FINE-TUNING YOUR WEIGHTS
The difficult part is behind you, but that doesn't mean an experienced lifter can't fine-tune the working weights. Here are a couple of tips to keep in mind.
1 BUILD IN PROGRESSIVELY HEAVIER WARM-UPS
Some consider warm-ups a waste of time, but they actually enable you to lift more weight. Your tissue is more elastic, and you've practiced the motion before tackling the heavier weights. It's important to note that even though a bodybuilder trains to muscle failure, warm-up sets are never taken to failure. Stop all lighter-weight sets well short of muscle failure. For a bodybuilder who wants to bench with a working weight of 225 pounds, so that they fall within that 8-12-rep range, warm-up weights might start with 135, 185, and 205 pounds.
2 GO HEAVY EARLIER IN YOUR WORKOUT
Because your energy starts to sag over the course of a hard workout, choose the most difficult exercises early in your training session, when you're fresh. You can even train in the lower range of the hypertrophy zone, choosing a weight in which you can do just 8 reps. Over the course of your body-part workout, train with different relative intensities so that you're also including sets of 10 (near failure) and 12 later on as well. Warm-ups excluded, start your exercises in the lower rep range and keep your sets of 12 for later in your workout.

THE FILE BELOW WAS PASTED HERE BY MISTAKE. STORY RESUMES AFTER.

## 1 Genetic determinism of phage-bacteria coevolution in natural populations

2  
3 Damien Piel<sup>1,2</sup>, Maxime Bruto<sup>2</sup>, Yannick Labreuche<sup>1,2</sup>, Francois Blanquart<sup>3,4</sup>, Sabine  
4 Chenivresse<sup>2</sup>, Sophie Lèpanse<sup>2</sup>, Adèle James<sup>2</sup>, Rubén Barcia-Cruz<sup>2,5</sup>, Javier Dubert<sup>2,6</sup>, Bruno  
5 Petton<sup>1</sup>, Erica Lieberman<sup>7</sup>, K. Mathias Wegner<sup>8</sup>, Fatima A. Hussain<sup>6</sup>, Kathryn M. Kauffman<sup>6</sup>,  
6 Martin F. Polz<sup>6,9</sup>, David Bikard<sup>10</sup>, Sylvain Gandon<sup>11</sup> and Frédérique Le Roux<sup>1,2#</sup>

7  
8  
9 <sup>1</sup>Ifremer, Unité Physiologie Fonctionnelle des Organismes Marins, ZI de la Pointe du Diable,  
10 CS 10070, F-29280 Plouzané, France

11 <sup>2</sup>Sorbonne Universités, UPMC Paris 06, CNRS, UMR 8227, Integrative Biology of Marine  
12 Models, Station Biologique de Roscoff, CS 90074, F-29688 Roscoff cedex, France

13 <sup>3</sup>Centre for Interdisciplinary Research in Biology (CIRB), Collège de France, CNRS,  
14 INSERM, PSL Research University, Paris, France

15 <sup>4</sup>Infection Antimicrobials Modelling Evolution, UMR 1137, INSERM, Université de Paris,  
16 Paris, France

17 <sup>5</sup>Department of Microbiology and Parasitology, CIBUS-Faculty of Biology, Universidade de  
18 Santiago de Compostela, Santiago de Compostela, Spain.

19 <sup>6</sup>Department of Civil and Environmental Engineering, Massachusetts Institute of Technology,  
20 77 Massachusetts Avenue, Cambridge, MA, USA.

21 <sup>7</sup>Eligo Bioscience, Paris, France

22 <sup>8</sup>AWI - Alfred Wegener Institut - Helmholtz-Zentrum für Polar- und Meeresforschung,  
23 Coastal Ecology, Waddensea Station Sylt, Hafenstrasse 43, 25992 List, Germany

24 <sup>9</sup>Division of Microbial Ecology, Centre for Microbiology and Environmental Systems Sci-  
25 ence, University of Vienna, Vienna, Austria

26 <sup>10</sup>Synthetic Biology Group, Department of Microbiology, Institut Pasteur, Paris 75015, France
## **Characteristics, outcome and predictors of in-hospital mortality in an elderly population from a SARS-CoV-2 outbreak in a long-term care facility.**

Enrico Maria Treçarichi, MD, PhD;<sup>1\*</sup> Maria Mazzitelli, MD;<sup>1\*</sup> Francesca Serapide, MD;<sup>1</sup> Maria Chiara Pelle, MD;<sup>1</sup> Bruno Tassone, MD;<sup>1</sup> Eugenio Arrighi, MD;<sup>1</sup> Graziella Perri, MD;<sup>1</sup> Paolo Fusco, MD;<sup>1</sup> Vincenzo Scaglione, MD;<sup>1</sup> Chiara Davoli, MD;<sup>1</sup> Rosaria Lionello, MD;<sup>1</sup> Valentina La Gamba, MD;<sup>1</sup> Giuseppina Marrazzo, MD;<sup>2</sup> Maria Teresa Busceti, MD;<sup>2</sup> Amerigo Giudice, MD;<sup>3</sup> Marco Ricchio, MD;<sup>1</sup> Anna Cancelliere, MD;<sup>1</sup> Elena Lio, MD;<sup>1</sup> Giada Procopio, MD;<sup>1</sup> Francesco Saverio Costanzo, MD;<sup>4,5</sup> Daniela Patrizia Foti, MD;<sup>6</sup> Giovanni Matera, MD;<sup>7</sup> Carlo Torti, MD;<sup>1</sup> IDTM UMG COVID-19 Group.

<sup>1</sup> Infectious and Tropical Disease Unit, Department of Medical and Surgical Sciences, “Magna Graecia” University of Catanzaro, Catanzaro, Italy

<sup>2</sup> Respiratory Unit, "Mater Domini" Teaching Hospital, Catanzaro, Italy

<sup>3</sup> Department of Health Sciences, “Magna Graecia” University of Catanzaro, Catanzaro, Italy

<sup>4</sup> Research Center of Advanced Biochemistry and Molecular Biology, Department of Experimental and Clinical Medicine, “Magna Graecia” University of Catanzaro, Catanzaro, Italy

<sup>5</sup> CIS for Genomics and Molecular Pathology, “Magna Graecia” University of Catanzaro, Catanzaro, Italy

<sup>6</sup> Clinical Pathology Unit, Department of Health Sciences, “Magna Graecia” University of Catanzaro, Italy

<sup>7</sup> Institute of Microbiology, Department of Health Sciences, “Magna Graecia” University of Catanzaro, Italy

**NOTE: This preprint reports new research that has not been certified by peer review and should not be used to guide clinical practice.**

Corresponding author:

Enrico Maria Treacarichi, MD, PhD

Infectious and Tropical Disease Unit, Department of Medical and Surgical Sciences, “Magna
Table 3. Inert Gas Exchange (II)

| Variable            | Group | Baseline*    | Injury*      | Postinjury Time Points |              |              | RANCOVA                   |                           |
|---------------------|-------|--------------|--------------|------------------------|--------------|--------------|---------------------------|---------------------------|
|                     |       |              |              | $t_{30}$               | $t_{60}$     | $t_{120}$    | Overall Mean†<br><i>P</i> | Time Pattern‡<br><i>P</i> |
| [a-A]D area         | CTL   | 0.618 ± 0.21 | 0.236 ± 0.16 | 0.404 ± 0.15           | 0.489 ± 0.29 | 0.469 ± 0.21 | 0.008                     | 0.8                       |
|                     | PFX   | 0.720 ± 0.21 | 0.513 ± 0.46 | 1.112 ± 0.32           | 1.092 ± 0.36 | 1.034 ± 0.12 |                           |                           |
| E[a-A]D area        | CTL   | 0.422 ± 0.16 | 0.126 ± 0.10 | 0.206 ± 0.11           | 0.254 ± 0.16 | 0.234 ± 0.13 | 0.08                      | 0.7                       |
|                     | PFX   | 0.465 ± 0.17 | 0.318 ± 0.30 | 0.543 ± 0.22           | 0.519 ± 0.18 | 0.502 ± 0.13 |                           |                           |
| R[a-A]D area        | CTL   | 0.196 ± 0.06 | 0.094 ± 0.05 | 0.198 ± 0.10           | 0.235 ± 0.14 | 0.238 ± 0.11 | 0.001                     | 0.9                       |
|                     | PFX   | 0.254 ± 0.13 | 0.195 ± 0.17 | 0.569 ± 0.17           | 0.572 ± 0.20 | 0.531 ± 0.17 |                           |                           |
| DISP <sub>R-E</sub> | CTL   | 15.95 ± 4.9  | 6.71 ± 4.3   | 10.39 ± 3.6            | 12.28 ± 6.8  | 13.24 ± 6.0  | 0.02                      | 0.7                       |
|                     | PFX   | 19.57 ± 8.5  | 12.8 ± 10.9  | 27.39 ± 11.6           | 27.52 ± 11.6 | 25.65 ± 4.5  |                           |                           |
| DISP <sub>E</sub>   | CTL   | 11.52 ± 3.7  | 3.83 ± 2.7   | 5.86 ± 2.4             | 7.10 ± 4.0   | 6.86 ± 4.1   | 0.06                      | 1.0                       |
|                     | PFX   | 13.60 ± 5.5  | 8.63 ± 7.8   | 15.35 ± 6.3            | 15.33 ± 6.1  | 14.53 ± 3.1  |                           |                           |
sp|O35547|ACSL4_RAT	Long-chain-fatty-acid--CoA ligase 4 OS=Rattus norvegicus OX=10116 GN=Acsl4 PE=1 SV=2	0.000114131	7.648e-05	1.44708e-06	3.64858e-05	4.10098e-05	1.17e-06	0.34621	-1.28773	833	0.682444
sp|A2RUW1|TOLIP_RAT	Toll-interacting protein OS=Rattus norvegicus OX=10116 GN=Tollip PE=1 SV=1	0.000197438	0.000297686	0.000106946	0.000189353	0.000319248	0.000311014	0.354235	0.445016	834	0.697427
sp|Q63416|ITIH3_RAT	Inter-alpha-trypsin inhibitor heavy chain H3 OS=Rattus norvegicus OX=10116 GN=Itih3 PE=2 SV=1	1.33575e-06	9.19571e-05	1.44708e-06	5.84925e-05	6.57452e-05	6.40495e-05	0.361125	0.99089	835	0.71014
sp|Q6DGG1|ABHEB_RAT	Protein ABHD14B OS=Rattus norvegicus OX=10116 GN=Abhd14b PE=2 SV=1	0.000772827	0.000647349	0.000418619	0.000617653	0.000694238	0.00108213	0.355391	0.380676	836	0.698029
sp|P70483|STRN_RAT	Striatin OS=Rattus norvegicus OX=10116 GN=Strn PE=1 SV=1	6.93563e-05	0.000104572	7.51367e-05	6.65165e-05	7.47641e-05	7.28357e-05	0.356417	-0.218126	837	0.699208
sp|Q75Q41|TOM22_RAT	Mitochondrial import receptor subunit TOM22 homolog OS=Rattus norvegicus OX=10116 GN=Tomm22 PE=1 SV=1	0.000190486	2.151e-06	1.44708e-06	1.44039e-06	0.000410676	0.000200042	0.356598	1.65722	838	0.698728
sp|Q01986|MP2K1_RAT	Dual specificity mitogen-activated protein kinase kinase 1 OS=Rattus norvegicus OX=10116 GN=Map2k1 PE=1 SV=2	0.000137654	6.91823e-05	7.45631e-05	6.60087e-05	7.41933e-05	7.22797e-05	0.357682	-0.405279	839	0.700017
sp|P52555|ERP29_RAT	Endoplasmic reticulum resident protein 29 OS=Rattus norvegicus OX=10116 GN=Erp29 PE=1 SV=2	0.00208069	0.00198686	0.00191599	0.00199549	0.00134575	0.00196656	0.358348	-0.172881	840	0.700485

OVER THE COURSE OF YOUR BODY-PART WORKOUT, TRAIN WITH DIFFERENT RELATIVE INTENSITIES.
3 BE MINDFUL OF PROGRESSIVE OVERLOAD
Muscles adapt to training by growing bigger and stronger. Strength trainers and bodybuilders know that the most adaptation occurs within their fast-twitch muscle fibers. In graphical terms, your strength curve has shifted outward, and you can now do more reps with any given weight.
How do you know when to go up in weight? Try this method: When you can do 2 more reps with a given weight than you started out with, for two consecutive workouts, increase your weight. So if you started on the bench press with 8 reps of 225 pounds, but can now do 10 reps, and you've been able to achieve 10 reps for two workouts in a row, increase the weight.
For upper-body exercises like the bench press, increase the weight by approximately 5 percent. So instead of using 225 pounds, use 235.
For lower-body exercises like the squat, increase the weight by approximately 10 percent. So instead of using 225 pounds, use 245.
Let's say you make gains in size and strength. To continue making more gains, you must increase the challenge to your muscles by once again increasing the resistance. As you can see, you must progressively increase the overload over time or you'll simply stall. Complacency is your biggest enemy no matter what your goal, so pushing yourself to do more reps or use a slightly heavier weight can help you continue making progress.
Even the most dedicated lifter hits a training plateau sooner or later. Advanced techniques in which you manipulate weight can further spur gains in size and strength, but should be done in a specific, intentional manner rather than randomly. Study various techniques that allow you to cycle your training over time.
You'll soon learn that the bigger and stronger you get, the less you'll see "accidental" results, and the more you'll have to plan your training. Seems counterintuitive, but you'll find you make greater gains the more you know.